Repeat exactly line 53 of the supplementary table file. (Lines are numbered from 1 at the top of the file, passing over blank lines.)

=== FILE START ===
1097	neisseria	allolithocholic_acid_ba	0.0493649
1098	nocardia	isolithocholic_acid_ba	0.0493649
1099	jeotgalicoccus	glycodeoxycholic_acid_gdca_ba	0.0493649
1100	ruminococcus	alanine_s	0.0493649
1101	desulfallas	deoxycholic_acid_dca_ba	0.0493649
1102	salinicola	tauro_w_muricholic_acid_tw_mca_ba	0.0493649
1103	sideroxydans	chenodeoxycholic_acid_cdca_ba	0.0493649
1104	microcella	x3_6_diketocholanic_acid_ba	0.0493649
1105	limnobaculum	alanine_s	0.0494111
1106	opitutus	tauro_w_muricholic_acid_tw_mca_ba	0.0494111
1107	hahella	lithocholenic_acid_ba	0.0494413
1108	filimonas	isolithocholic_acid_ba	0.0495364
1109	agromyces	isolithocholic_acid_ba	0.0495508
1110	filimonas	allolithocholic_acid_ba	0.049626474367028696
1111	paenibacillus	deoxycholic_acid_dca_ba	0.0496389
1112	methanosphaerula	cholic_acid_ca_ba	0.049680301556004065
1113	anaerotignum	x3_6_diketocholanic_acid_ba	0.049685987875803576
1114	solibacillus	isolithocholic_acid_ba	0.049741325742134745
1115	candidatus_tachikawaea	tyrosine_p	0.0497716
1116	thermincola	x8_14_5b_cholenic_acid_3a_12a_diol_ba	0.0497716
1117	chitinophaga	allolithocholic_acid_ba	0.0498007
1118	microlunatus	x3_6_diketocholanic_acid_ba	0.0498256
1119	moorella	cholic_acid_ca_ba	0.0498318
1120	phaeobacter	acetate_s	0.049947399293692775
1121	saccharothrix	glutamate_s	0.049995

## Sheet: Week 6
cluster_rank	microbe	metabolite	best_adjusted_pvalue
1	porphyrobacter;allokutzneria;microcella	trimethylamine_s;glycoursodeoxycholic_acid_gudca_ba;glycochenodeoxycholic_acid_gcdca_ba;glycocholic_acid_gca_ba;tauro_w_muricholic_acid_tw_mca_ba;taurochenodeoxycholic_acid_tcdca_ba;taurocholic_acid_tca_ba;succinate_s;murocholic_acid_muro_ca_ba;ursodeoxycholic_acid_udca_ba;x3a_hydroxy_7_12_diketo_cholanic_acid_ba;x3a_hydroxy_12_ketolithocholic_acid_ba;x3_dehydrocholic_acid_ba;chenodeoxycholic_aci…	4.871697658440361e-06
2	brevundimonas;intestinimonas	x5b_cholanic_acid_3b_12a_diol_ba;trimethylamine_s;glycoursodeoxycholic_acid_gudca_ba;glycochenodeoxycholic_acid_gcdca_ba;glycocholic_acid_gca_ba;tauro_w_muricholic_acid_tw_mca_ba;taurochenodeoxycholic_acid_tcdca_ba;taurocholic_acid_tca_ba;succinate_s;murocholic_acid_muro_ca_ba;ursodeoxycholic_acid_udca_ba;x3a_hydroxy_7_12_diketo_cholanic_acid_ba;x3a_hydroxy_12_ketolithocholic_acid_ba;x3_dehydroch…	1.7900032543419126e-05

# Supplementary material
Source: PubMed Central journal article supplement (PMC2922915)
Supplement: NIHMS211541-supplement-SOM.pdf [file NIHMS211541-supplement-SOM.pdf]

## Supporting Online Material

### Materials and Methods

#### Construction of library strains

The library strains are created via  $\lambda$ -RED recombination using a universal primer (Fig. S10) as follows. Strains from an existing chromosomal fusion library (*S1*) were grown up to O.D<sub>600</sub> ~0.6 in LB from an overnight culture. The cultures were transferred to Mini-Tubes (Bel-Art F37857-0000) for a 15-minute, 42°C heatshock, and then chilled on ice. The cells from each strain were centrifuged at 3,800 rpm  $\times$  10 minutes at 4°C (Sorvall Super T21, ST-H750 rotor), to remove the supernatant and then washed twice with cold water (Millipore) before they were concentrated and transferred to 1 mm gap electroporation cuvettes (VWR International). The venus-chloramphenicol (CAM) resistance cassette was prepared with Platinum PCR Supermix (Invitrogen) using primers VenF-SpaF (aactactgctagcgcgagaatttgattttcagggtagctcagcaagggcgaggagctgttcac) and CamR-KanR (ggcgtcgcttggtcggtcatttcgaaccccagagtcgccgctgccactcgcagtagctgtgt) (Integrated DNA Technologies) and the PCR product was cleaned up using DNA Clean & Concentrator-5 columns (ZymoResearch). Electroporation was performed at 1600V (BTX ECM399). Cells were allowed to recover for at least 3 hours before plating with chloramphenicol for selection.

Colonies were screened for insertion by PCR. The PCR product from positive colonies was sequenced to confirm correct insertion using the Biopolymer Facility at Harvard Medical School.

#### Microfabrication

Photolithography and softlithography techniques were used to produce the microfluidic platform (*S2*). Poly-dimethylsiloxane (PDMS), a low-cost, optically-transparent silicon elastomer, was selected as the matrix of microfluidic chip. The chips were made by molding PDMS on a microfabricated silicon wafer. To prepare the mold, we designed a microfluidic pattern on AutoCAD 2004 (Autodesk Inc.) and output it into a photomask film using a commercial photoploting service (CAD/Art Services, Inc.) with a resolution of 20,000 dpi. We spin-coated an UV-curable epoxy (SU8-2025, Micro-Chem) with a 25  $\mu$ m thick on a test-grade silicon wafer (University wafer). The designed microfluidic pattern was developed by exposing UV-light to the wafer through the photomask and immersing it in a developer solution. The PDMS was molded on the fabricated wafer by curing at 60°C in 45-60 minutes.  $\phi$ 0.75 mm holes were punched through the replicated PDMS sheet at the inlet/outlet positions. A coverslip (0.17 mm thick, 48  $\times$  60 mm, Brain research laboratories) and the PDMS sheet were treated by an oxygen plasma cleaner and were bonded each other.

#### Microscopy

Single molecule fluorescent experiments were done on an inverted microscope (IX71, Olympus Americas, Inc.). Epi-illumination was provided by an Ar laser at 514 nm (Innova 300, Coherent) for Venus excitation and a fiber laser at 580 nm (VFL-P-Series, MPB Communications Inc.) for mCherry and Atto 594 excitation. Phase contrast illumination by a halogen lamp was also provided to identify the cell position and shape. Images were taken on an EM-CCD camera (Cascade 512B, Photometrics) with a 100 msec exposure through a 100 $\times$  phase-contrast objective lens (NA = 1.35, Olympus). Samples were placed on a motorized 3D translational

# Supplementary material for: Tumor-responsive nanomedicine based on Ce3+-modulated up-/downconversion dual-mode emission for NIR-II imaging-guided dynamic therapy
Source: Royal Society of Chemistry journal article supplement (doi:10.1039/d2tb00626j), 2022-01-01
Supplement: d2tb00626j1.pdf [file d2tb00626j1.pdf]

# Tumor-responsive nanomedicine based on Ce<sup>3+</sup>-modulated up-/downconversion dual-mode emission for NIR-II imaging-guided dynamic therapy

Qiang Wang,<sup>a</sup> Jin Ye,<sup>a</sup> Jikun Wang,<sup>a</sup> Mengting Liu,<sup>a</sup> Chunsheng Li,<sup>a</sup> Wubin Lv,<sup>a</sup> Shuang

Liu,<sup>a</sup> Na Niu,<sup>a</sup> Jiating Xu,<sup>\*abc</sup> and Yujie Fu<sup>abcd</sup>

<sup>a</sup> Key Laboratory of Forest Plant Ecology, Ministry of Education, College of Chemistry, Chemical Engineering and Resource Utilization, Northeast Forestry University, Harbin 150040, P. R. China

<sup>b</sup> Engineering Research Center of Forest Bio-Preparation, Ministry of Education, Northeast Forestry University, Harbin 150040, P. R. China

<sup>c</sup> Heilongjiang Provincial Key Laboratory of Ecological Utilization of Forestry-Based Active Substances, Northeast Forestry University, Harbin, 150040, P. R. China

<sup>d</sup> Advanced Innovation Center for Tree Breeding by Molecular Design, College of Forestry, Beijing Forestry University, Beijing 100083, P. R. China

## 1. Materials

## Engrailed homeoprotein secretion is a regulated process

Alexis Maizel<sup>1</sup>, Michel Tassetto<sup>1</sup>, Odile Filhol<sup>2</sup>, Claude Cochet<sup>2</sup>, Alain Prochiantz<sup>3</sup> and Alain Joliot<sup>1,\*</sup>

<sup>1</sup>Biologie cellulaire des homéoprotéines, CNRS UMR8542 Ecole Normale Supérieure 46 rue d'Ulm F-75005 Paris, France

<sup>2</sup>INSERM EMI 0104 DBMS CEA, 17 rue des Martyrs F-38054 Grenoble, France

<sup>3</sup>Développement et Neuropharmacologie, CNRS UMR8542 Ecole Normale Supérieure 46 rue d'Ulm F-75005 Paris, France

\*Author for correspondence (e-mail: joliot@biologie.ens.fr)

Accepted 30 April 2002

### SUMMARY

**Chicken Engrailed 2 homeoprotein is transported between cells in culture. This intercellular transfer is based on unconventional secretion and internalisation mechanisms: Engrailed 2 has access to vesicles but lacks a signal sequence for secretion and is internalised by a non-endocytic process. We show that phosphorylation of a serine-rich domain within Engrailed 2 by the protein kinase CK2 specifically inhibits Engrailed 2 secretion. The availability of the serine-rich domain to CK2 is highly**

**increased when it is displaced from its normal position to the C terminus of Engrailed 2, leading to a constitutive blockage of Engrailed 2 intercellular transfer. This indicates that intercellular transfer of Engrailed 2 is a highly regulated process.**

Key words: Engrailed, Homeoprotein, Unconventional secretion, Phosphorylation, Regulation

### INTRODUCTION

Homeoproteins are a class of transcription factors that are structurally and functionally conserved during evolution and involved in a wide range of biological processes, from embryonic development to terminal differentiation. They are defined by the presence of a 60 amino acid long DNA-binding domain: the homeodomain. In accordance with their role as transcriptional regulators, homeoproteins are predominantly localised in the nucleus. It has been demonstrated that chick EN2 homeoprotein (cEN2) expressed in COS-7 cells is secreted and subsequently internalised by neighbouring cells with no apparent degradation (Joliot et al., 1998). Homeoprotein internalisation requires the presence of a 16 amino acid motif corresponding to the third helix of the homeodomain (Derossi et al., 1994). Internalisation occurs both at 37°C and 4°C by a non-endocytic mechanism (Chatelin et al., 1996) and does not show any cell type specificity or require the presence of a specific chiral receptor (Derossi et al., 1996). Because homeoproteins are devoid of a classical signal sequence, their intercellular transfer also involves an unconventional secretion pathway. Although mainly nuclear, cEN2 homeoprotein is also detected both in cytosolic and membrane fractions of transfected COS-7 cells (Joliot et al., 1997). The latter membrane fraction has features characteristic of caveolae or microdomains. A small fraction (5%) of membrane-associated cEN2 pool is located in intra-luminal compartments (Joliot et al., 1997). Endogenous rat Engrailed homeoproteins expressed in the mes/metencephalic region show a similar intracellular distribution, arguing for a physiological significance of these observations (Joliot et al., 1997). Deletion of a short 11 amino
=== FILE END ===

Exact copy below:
## Engrailed homeoprotein secretion is a regulated process